In recent years a phenomenon can be observed in beachvolleyball: a crazy amount of cameras and some people with laptops are sitting behind the courts at tournaments and type as fast as if their life depended on it. Martin was one of these Scouts, as these specialists who analyse the tactical aspects of the game, are called. Read in his interview what his job is about and how it helps coaches and players to develop better strategies to beat their opponents.
Hi Martin, thanks for taking time to answer our questions. Although you are a coach now, you started on the FIVB Tour as a scout. Can you tell us some basics about your job, like when and how you started?
In 2012 Robert Nowotny and Harry Dobeiner asked me if I could help the Austrian Teams with scouting during the Continental Cup to qualify for the London 2012 games. Until then I worked as an indoor headcoach in Austria and part-time scouting for Austrian (youth)-national teams. Doppler/Horst qualified in the final event in Moscow and the beachcoaches liked my support as a scout, so the brought me in to more tournaments in 2013. In 2014 before the qualification process for the 2016 Olympic Games in Rio began I was hired as a full time scout. In 2017/18 I worked half-time as a scout half-time as coach for Ermacora/Pristauz. In 2019 I was appointed Headcoach for Beachvolleyball Women in Austria and had to quit scouting. I still analyze some of our own games though.
Martin, many people don’t even know a job like “Scout” exists and even many coaches have only vague ideas how the job looks like. We would want to shed some light here. How does your collaboration with the coaches look like: For how many coaches do you work? Do you prepare data/information for every game or only on specific request by coaches?
At the beginning I worked only for the men’s teams, with priority on the team Doppler/Horst. Most of my time I spent with Robert Nowotny as their headcoach, but I also worked with Helli Voggenberger, then coach of Huber/Seidl. Later I also worked for the women’s side. All teams that played internationally could get tagged videos and some basic information from me, but priority was always Doppler/Horst.
At the beginning I tried to tape and scout as many games as I could, because we had nothing. After we had built a certain base, I focused on teams that would be important for the Olympics. Nowo gave me much freedom what to scout, as long as I could provide information when needed. Parallel games in pool were always important though.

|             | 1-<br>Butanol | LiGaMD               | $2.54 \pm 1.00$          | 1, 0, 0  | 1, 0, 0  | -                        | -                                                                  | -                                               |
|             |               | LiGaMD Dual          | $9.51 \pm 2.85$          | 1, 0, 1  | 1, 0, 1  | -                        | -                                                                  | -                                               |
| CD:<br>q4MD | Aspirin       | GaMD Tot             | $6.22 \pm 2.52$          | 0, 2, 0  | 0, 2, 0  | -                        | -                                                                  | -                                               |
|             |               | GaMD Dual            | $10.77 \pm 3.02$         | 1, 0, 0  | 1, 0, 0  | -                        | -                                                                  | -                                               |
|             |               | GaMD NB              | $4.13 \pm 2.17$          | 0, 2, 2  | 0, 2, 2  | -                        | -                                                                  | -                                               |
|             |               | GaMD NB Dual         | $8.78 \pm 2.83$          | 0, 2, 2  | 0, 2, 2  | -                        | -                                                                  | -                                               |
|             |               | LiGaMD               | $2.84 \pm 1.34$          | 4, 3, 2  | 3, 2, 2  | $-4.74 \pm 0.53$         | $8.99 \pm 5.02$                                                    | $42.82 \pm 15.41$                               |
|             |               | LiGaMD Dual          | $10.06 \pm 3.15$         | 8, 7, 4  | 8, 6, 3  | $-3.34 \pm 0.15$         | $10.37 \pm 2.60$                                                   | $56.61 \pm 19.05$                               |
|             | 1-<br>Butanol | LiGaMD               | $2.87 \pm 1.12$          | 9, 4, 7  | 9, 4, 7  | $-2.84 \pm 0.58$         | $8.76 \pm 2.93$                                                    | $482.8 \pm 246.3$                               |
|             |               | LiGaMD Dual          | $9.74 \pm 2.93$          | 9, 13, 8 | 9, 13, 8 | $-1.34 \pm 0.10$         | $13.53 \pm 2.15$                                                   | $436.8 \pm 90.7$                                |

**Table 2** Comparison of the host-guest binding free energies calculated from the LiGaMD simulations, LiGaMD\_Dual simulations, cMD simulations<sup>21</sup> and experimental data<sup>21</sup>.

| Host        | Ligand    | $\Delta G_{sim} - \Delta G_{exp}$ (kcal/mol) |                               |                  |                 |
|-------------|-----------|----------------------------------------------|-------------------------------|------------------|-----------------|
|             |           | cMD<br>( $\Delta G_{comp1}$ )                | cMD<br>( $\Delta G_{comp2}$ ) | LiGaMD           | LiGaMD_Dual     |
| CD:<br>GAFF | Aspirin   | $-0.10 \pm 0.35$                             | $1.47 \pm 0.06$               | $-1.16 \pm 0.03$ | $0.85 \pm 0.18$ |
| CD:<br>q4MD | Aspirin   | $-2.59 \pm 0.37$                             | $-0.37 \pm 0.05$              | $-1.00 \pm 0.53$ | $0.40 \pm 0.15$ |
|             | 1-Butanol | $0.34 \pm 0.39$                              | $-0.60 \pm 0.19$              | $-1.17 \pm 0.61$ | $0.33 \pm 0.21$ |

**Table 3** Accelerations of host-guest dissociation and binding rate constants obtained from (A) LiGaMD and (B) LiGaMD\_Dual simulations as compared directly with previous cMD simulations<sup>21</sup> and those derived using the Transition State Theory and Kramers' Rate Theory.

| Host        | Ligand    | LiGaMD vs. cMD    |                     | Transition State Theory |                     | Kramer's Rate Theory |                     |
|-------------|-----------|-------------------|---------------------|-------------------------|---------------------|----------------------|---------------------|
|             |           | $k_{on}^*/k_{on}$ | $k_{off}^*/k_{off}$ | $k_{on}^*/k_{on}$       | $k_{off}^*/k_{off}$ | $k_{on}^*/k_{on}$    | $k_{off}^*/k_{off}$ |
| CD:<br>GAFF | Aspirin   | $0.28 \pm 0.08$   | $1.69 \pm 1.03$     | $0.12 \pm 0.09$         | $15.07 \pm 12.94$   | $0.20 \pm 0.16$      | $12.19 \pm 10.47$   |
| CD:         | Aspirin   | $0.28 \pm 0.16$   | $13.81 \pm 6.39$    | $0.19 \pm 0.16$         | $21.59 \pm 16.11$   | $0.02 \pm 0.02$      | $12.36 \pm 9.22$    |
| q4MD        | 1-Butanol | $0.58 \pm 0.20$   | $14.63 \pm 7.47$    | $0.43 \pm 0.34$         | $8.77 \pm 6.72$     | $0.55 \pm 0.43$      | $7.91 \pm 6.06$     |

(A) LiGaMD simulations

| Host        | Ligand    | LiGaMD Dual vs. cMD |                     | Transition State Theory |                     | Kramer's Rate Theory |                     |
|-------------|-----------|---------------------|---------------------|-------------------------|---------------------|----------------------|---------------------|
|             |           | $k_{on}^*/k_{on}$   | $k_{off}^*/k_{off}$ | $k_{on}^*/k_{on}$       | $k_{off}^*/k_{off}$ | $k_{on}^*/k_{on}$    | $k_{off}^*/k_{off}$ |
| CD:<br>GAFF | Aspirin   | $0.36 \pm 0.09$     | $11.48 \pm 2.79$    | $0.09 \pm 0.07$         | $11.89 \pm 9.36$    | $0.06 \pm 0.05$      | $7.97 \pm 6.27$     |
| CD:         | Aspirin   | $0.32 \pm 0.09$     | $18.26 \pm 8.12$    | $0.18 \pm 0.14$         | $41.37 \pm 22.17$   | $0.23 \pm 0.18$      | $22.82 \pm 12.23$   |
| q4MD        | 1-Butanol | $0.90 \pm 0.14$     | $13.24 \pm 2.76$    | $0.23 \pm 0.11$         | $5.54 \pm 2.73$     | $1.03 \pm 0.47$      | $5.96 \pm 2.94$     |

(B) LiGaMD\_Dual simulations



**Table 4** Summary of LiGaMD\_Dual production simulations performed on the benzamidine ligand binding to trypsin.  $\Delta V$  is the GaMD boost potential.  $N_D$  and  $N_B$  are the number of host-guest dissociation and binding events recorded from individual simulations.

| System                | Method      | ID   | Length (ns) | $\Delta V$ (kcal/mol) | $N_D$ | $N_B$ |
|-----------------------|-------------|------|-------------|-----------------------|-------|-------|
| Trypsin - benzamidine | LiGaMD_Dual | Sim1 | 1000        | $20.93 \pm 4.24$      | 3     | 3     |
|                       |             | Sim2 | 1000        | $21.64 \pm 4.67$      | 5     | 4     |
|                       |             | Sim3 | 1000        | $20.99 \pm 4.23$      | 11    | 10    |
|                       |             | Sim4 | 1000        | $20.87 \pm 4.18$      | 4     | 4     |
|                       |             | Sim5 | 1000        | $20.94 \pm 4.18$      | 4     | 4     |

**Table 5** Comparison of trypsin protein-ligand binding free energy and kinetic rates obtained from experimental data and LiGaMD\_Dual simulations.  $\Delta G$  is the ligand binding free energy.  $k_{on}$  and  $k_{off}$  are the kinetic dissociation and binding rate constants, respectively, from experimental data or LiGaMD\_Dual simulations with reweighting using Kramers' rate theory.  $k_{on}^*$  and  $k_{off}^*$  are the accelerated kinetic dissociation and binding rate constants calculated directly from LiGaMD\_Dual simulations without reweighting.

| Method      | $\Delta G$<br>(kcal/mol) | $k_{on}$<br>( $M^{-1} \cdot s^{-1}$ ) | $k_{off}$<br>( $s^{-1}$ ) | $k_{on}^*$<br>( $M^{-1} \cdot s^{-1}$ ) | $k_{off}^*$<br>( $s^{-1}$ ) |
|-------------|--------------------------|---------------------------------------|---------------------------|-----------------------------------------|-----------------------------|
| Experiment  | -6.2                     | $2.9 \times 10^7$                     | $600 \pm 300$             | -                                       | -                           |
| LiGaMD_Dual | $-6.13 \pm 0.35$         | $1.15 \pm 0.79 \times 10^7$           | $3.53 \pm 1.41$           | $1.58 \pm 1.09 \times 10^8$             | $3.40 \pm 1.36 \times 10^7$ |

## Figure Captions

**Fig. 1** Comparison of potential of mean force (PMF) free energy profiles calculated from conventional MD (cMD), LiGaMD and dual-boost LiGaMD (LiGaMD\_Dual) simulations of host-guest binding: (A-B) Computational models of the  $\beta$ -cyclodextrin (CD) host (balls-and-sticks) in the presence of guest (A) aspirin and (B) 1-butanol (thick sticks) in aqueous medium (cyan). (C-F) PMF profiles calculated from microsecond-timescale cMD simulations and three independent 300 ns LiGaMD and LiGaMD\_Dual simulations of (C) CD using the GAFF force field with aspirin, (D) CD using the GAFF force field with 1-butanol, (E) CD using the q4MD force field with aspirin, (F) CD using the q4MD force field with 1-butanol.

Do you share also your personal impressions and opinions and discuss with the coaches on opponents’ tendencies and possible tactics or is this something the coach is doing only by himself?
Nowo and I discussed a lot, and also Helli asked for my opinion many times. This can be difficult at times, because while scouting I see some things very well, but others not so much. As all the ball-contacts are tagged I tend to follow the ball, but cannot always see how a defender moves. In the end, I provided statistics, and gave my ideas, but the final decision was made by coach and players. The involvement of players is important too, because they also have a lot of knowledge and sometimes you can see things on the video, but from the players perspective on the court it’s no so clear.
Do you also work directly with players or is all contact done via coaching staff?
I worked more with the coaches, but if players asked for videos or opinions I was always willing to help them.
How much time does it take to provide the coaches with specific information from a game which just took place? What is the process or workflow?
You can access the stats of a game directly after the end of the game. Of course there might be some mistakes, if you type in Vienna in the middle of 10.000 people and the Eskimo-girls attack you with the water to refresh the audience, but normally it’s good enough to get an idea of what has happened during the game. To sync the data with the video takes some minutes, so 15minutes after a game, the coach can watch a tagged video and has some basic numbers. One game is never enough to interpret the numbers though… usually you need 6 or 8 games or more to get reliable data. In addition to that you must consider different factors like wind or sand (is it deep or hard), and the opponents. A certain player might shot a lot in a game, but only because the defender is slow or the blocker very high. He might play differently against you in the next game. Therefor a full analysis of a team takes much longer. When we prepared games for the Olympic Games in Rio I spent days just on one team.
Do you tape the games yourself or do you use existing videos and tag them after? What are advantages of the one or the other?